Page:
I use a dual-boot computer, with one partition for Linux (Debian) and one for Windows XP. I can't use Flash on Linux as Adobe has never ported it to that platform. So I put my Flash on the Windows partition. Unfortunately, while I have no trouble with Flash 8 on the Windows partition, when I attempt to open Flash 9 on it it crashes the entire system.
My husband found an article in the Winter 2009-2010 issue of 2600, the Hacker Quarterly magazine; it seems that in CS3, which Flash 9 is part of, Adobe has written its copy protection code in such a way as to cause a dual-boot machine to become unbootable after one uses Adobe software. I don't understand all the technical issues, but as the article states, "even though you have paid Adobe real money for their software, they will still potentially ruin your dual-boot system."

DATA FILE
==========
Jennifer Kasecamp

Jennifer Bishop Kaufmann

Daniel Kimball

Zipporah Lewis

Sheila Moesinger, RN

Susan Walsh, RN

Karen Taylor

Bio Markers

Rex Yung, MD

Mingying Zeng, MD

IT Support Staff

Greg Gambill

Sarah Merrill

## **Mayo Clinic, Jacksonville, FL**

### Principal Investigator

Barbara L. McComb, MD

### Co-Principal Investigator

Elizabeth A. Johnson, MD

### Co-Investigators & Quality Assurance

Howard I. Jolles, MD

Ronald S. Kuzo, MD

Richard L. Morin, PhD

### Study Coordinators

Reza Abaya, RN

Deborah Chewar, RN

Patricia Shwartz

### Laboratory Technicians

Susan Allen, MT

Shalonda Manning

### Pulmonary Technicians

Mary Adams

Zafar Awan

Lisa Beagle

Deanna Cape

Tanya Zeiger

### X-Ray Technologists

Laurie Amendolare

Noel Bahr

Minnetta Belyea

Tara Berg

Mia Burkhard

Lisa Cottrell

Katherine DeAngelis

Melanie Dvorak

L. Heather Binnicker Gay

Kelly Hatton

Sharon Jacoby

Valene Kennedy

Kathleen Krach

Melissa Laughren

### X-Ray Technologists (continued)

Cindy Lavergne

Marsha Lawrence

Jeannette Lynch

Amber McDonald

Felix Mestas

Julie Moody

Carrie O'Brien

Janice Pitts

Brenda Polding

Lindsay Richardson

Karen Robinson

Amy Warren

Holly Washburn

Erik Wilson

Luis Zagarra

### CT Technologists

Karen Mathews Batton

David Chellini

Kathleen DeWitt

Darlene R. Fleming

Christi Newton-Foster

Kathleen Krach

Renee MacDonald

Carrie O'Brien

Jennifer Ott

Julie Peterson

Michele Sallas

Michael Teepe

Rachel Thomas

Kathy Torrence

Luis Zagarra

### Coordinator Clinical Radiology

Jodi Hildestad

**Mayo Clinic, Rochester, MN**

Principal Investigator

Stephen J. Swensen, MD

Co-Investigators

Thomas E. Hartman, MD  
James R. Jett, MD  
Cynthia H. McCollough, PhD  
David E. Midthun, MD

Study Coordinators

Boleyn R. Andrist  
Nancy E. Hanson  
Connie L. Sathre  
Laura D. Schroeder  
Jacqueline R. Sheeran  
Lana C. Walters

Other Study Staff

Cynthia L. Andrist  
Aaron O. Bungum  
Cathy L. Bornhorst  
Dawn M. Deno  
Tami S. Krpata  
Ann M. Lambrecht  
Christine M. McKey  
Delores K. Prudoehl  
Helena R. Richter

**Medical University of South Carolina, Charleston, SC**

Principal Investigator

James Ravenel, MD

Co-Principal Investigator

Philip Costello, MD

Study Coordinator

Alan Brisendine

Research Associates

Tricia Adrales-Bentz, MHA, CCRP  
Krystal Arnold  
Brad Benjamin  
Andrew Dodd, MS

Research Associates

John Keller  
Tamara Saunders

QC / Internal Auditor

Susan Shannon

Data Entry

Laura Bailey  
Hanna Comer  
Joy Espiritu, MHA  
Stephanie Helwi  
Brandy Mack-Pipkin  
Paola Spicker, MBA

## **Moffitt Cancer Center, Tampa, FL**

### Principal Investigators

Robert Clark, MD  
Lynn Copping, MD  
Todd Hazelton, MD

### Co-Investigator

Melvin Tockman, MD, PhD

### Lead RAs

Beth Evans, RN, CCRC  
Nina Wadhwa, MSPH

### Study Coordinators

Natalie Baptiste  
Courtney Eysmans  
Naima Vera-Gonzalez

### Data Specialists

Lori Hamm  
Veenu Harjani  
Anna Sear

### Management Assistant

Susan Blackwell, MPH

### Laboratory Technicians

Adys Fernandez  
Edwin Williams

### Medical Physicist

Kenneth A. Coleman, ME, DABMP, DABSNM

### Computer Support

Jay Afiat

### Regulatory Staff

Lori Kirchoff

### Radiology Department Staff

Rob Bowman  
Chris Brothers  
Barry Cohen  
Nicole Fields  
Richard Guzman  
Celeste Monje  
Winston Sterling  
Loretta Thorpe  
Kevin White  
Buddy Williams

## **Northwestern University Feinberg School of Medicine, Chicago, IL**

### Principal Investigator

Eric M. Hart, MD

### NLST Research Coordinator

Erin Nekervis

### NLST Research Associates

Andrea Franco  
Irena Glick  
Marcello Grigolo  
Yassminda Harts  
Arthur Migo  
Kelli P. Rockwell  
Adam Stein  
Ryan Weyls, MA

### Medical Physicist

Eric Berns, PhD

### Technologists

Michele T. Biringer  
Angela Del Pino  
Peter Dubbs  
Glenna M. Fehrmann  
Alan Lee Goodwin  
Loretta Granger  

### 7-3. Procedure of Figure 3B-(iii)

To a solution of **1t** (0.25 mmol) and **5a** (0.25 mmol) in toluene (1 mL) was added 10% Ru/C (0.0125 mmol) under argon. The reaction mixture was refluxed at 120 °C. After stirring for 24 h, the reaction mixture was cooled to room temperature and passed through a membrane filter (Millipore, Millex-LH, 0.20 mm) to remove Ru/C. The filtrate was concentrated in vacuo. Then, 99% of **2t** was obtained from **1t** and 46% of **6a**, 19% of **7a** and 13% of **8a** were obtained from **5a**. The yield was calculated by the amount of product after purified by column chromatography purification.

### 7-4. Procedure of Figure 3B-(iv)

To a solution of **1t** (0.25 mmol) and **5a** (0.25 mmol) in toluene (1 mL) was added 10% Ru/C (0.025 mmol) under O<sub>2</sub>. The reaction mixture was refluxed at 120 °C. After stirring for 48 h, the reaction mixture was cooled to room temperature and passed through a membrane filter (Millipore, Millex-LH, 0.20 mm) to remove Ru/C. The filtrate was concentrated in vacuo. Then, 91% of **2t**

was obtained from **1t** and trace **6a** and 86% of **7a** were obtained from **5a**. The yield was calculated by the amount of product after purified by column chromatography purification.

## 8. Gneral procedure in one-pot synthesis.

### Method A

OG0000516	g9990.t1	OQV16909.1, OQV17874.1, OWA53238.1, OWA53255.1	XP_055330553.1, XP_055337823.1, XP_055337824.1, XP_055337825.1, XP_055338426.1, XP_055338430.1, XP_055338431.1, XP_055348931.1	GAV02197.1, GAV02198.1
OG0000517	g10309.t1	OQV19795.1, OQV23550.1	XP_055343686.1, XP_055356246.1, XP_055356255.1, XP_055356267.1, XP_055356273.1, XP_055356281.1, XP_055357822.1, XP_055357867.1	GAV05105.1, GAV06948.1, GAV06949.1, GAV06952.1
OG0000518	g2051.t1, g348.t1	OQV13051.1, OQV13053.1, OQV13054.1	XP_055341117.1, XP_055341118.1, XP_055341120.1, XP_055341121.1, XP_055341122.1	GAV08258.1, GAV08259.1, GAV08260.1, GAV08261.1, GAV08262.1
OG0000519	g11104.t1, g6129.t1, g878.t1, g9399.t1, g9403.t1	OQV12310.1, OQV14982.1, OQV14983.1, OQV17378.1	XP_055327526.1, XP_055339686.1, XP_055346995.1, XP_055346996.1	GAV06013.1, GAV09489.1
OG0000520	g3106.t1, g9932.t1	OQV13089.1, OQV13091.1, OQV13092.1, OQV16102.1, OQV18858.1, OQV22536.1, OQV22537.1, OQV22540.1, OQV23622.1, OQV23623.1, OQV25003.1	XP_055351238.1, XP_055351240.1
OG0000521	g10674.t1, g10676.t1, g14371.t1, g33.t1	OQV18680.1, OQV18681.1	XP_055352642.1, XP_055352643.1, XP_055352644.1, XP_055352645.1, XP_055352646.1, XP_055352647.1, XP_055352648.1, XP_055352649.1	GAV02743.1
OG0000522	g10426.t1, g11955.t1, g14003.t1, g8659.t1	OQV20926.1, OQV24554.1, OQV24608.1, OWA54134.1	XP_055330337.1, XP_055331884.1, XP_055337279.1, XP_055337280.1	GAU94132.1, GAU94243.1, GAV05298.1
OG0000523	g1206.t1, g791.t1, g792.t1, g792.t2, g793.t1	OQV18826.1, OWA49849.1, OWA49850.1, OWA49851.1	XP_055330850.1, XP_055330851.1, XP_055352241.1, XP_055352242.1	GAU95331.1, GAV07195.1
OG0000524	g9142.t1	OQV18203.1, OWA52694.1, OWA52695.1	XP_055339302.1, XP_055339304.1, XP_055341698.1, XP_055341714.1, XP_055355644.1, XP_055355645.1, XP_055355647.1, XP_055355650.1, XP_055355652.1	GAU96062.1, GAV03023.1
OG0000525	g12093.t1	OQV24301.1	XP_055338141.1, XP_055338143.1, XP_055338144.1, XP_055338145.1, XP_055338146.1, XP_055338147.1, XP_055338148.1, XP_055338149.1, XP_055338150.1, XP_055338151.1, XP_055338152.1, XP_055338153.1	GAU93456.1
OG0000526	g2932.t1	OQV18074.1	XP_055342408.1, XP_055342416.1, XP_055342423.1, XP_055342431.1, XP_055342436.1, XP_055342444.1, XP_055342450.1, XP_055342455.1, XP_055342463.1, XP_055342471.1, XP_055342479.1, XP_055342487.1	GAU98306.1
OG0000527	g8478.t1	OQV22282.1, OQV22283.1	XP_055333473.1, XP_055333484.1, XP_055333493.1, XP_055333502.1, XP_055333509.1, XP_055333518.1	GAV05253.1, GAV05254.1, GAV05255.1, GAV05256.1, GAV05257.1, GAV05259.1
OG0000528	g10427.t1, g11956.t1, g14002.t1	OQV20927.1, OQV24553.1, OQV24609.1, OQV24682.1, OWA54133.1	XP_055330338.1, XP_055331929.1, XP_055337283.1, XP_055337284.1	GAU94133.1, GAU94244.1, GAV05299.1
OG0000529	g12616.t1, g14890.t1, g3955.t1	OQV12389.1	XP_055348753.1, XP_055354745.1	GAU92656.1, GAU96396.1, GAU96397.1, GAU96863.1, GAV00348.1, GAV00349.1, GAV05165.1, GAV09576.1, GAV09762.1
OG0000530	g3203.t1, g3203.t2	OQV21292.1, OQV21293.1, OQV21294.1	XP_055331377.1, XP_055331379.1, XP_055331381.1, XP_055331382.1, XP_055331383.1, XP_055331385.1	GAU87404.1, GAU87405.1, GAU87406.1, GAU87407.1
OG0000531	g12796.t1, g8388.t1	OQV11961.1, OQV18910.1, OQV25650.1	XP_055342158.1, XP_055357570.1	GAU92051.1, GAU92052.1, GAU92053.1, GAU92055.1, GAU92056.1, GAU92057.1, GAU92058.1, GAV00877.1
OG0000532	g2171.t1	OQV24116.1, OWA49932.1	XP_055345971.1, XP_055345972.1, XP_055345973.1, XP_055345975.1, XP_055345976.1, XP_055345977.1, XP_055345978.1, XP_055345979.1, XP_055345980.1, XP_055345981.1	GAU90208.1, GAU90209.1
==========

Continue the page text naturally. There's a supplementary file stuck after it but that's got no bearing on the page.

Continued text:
I realize Adobe doesn't consider Linux users numerous enough to accommodate, but by taking my money for their product, the company has an obligation to give me value in return. The value I expect is to be able to use the software I paid for - it's not up to Adobe to decide which OS I should use. At least they could warn people that you can't use CS3 (and probably not CS4) on a dual-boot system. I will now start learning to use Inkscape immediately.
I would get another harddrive and put Linux on one and windows on the other then get a hardware switch to switch between them it's much more stable.